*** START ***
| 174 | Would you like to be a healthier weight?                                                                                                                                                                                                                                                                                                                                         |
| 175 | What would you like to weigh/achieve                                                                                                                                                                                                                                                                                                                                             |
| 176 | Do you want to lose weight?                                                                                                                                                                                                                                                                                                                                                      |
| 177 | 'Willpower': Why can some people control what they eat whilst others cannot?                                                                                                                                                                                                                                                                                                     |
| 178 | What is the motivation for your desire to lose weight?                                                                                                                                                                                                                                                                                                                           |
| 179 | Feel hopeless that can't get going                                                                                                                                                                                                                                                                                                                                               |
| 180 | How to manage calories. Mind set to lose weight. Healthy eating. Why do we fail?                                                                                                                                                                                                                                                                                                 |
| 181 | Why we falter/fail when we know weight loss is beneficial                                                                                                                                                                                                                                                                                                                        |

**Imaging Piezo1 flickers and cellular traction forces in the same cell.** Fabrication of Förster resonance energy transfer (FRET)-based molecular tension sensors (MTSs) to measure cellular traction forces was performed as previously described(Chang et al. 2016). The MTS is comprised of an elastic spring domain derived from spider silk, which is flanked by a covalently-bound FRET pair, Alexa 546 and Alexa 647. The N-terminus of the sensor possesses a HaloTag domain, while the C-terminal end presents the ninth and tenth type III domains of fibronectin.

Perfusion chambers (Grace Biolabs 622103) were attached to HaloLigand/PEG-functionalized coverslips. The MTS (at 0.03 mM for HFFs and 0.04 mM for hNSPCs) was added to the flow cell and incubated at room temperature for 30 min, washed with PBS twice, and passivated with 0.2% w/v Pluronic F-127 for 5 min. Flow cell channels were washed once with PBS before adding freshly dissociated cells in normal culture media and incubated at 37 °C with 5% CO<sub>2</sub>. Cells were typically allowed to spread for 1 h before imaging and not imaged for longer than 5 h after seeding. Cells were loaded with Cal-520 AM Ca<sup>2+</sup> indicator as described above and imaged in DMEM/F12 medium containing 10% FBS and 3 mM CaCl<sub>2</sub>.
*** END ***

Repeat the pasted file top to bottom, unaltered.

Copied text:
| 174 | Would you like to be a healthier weight?                                                                                                                                                                                                                                                                                                                                         |
| 175 | What would you like to weigh/achieve                                                                                                                                                                                                                                                                                                                                             |
| 176 | Do you want to lose weight?                                                                                                                                                                                                                                                                                                                                                      |
| 177 | 'Willpower': Why can some people control what they eat whilst others cannot?                                                                                                                                                                                                                                                                                                     |
| 178 | What is the motivation for your desire to lose weight?                                                                                                                                                                                                                                                                                                                           |
| 179 | Feel hopeless that can't get going                                                                                                                                                                                                                                                                                                                                               |
| 180 | How to manage calories. Mind set to lose weight. Healthy eating. Why do we fail?                                                                                                                                                                                                                                                                                                 |
| 181 | Why we falter/fail when we know weight loss is beneficial                                                                                                                                                                                                                                                                                                                        |

**Imaging Piezo1 flickers and cellular traction forces in the same cell.** Fabrication of Förster resonance energy transfer (FRET)-based molecular tension sensors (MTSs) to measure cellular traction forces was performed as previously described(Chang et al. 2016). The MTS is comprised of an elastic spring domain derived from spider silk, which is flanked by a covalently-bound FRET pair, Alexa 546 and Alexa 647. The N-terminus of the sensor possesses a HaloTag domain, while the C-terminal end presents the ninth and tenth type III domains of fibronectin.

Perfusion chambers (Grace Biolabs 622103) were attached to HaloLigand/PEG-functionalized coverslips. The MTS (at 0.03 mM for HFFs and 0.04 mM for hNSPCs) was added to the flow cell and incubated at room temperature for 30 min, washed with PBS twice, and passivated with 0.2% w/v Pluronic F-127 for 5 min. Flow cell channels were washed once with PBS before adding freshly dissociated cells in normal culture media and incubated at 37 °C with 5% CO<sub>2</sub>. Cells were typically allowed to spread for 1 h before imaging and not imaged for longer than 5 h after seeding. Cells were loaded with Cal-520 AM Ca<sup>2+</sup> indicator as described above and imaged in DMEM/F12 medium containing 10% FBS and 3 mM CaCl<sub>2</sub>.